by Stephanie Pelletier
A primer for those who are new to the pleasures of ambling through the many outdoor antiques markets that bloom in the New England spring
If spending an afternoon wandering through a shop crammed with old things—sugar cutters, Tiffany lamps, bottle jacks, 18th-century jewelry—delights you, mark your calendar for Saturday, June 2, when, rain or shine, 100-plus antiques dealers will gather on the grounds of Lounsbury House, in Ridgefield, Connecticut, for the 45th Annual Ridgefield Outdoor Antiques Market.
Yetlings! Sad irons! Shaker rockers! English chimney pots! At New England’s longest-running outdoor antiques show, you’ll find antiques (both simple and finely wrought) set out in stalls or on tables surrounding the venerable (1896) clapboard Lounsbury House, which is now Ridgefield’s Community Center. (Don’t worry about rain: The exhibitors bring tents and trucks to protect their precious merchandise, and you, in nasty weather.)
Shopping a show offers browsers an abundance of items—and the chance to become more knowledgeable about antiques and collectibles: At antiques shows, neophytes get to talk with, and ask questions of, dealers—who really know their business. These gatherings are not giant flea markets or tag sales: Think of them as a collection of antiques stores without walls. (Many dealers aim to re-create their visually appealing retail environment in an outdoor setting.) Therefore, haggling is neither appropriate nor appreciated. The prices marked on the items are, typically, not negotiable.
At the Ridgefield Market, only dealers and shop owners may exhibit, and Ridgefield’s rules prohibit items that are reproductions or “arts and crafts”—someone’s latest jewelry or knitting project. Wandering through an antiques show, you may find yourself drawn to certain items quite inexplicably (17th-century hog scrapers?). Or you may know why you find certain items appealing—you had a dollhouse when you were 8, or rolling pins bring back baking memories.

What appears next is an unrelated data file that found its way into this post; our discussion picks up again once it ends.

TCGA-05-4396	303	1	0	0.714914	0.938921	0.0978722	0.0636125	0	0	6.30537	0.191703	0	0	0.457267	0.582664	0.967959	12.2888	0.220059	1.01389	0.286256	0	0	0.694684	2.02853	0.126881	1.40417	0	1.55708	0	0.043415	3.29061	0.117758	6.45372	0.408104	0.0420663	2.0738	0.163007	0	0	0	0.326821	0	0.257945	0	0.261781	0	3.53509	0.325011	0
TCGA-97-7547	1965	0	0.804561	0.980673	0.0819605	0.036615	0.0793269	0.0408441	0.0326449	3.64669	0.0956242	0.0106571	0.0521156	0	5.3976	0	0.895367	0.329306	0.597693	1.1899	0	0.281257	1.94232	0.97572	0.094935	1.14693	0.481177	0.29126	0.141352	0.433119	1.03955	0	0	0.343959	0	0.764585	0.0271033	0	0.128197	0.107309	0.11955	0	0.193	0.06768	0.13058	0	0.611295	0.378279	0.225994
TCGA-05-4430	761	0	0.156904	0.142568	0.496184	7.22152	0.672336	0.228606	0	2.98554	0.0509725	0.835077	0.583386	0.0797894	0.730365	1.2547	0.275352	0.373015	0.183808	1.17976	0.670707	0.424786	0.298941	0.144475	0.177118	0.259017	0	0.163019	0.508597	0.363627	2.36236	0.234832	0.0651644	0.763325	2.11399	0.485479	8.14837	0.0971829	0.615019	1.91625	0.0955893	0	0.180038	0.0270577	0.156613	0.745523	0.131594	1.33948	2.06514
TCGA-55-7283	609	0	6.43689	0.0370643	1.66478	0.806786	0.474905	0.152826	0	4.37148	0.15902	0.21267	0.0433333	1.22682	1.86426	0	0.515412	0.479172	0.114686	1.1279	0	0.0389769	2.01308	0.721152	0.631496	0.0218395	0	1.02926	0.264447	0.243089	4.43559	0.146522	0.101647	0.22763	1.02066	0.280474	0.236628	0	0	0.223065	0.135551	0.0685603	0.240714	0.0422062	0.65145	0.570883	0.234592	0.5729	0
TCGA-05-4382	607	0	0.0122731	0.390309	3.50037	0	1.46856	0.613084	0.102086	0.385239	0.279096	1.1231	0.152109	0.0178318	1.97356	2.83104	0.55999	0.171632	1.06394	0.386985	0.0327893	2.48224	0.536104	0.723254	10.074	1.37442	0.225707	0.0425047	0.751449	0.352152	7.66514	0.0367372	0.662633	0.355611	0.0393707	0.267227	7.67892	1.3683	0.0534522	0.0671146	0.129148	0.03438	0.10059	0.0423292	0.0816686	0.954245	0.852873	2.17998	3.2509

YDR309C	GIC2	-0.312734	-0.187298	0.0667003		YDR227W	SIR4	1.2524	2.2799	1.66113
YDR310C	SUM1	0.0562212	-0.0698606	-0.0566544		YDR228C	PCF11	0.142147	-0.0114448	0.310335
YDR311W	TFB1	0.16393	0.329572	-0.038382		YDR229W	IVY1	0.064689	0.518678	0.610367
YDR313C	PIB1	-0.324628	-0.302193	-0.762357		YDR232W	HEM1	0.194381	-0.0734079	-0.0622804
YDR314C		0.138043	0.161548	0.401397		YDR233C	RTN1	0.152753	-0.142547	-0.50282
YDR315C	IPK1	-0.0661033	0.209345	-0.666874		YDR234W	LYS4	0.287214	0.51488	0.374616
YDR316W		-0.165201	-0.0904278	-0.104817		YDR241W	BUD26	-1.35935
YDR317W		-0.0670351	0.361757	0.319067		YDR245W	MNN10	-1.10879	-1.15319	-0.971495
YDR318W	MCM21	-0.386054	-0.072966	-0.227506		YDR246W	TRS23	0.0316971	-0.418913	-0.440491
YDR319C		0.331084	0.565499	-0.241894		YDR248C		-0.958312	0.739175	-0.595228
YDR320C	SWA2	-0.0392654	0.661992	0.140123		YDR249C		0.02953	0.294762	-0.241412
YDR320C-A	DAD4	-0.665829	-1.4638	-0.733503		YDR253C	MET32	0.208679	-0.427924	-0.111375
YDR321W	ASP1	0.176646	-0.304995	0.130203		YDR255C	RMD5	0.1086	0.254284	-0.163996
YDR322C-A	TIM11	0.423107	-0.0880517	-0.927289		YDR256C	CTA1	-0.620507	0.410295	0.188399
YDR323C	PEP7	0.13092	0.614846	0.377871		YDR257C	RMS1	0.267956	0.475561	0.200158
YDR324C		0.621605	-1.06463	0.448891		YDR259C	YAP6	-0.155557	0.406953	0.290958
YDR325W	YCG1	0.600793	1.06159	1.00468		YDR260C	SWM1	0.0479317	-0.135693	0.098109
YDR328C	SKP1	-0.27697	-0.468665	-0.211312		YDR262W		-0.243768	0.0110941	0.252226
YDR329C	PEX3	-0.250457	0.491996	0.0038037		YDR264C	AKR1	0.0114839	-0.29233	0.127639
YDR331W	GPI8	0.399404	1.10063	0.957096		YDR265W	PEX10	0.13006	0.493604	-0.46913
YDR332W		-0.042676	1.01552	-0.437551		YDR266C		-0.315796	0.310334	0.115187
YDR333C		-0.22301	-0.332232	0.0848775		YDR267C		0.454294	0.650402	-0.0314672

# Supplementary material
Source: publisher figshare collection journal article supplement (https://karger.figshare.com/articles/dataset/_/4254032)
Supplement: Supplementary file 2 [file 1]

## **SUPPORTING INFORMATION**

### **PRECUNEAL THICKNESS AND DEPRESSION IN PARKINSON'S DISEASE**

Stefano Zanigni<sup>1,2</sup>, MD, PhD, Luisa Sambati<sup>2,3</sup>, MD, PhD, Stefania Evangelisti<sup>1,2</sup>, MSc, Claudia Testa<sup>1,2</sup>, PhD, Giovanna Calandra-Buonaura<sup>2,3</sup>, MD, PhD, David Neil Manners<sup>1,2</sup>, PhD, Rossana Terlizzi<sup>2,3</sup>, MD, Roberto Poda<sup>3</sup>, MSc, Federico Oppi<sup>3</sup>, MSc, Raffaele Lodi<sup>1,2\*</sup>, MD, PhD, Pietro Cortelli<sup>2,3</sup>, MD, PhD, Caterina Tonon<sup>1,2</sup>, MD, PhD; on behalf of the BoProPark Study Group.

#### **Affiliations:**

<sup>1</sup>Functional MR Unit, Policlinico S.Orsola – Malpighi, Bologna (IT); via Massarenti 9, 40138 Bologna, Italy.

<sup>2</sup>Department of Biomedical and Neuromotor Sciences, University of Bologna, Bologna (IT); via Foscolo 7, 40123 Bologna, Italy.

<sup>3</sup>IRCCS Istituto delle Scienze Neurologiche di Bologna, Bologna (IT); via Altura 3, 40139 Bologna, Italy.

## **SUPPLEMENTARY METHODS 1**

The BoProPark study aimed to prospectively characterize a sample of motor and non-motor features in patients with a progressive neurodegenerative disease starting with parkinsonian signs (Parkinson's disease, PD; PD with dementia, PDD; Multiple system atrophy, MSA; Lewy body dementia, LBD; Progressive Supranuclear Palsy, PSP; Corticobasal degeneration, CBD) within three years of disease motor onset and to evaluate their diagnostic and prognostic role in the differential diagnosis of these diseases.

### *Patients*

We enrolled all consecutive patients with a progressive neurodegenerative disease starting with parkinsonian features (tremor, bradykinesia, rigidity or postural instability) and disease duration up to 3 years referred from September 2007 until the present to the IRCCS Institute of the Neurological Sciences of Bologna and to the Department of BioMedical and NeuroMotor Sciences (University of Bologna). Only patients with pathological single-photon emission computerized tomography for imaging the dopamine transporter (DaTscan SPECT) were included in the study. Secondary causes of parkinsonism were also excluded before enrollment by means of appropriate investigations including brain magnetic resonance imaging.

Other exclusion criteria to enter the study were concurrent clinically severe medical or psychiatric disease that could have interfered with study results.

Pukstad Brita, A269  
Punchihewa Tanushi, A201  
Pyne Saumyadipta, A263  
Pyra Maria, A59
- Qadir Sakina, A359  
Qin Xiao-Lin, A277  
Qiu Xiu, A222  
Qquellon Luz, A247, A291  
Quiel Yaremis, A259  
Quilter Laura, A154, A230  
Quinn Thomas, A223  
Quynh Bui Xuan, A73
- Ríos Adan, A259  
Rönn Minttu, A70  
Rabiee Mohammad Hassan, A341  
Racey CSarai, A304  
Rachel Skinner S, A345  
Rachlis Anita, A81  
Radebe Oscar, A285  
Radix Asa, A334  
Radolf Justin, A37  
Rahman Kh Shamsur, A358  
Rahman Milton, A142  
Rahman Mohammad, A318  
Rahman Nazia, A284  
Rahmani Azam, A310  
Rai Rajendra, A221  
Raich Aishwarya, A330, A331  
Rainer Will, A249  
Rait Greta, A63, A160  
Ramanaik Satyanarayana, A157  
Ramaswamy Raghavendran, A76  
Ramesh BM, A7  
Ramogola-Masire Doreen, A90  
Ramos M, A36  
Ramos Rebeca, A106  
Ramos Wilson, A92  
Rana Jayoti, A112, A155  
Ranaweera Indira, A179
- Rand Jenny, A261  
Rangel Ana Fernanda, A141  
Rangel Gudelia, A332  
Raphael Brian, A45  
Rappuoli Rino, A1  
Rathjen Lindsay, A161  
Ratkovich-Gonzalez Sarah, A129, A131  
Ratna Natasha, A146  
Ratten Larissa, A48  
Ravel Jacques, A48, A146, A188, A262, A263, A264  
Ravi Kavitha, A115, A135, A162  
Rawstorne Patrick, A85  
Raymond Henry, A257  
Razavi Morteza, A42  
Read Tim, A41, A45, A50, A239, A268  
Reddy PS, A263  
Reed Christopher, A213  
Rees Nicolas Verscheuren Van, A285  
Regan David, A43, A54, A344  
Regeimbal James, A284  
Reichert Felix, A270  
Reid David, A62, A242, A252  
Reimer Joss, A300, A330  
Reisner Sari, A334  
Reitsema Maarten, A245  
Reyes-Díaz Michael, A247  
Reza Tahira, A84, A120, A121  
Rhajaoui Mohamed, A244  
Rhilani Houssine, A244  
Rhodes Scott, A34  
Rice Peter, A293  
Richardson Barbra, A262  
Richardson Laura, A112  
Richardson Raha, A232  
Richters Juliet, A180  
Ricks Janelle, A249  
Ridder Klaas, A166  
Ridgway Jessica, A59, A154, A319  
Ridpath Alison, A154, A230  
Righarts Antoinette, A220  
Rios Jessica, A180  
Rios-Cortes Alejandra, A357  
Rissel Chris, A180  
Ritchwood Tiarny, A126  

What makes an item deserve the term “antique”? The U.S. Customs Service defines something as “antique” (and therefore importable duty-free) if it is least 100 years old. “Collectible” is a term dealers give an item that is less than 100 years old—or, if it’s older, an item that is a reproduction or has been mass produced. Many antiques and collectibles were made to be sold as sets (Wedgwood dishes, Pokémon cards, and the like). One item of a set might be sold separately (a cup and saucer, for instance), but prime value is placed on complete sets.
Rarity, craftsmanship, and historical significance factor into an item’s price, and anything that identifies the object, like a name or a date, adds value. But the item’s condition is a crucial element. Chips, cracks, rips, and excessive wear all degrade the value of an item; “mint condition” is what dealers and buyers are looking for. Experienced antiquers wouldn’t leave home without their magnifying glass or jeweler’s loupe and their black light (flaw-detecting equipment purchasable online). They use the magnifier or loupe to inspect for cracks, chips, marks, and signatures, the black light to detect repairs and fakes (modern repair materials and paints typically glow under black light).
Don’t refinish or try to fix any piece you buy—it’s the original surface and condition of the item that go into the price, and any changes you make to it will only degrade the value. Always, always ask the dealer how to care for your find.
Politeness goes a long way at a show. Ask a dealer how something was used and what makes it valuable. If you see two similar items and one is more expensive, ask what makes it so. If you think a price is high, maybe you’ve overlooked something, so it is certainly acceptable to ask why. The dealer will be pleased by your curiosity —especially if you ask politely.
The greater your knowledge-base, the more pleasure antiquing will bring you. Good sources to check out: Antiques Roadshow Online (www.pbs.org/wgbh/pages/roadshow), which offers excellent descriptions of terms ranging from albumen paper to trompe l’oeil; the Web site of Antiques and the Arts Weekly (www.antiquesandtheartsweekly.com), which includes a calendar of major U.S. auctions and antiques shows; and The New England Antiques Journal, whose site, www.antiquesjournal.com, also offers a national show-and-auction calendar.
Though longtime dealer Corinne Burke, the Ridgefield Market’s manager, has noticed that these days, many antiquers seem to be on the lookout for wire and egg baskets, plant stands, fruit holders, painted bowls, painted furniture, and quilts, it doesn’t really matter what others are buying. No matter what attracts other browsers, a big antiques show is where everyone can feel the thrill of the hunt. TME
45th Annual Ridgefield Outdoor Antiques Market
Saturday, June 2, 8 a.m. to 4 p.m.
Ridgefield Community Center
316 Main Street, Ridgefield, Connecticut 06877
Stephanie Pelletier is executive director of the Ridgefield Community Center. The estate—former Connecticut Governor Phineas C. Lounsbury’s mansion—is listed on the National Register of Historic Places.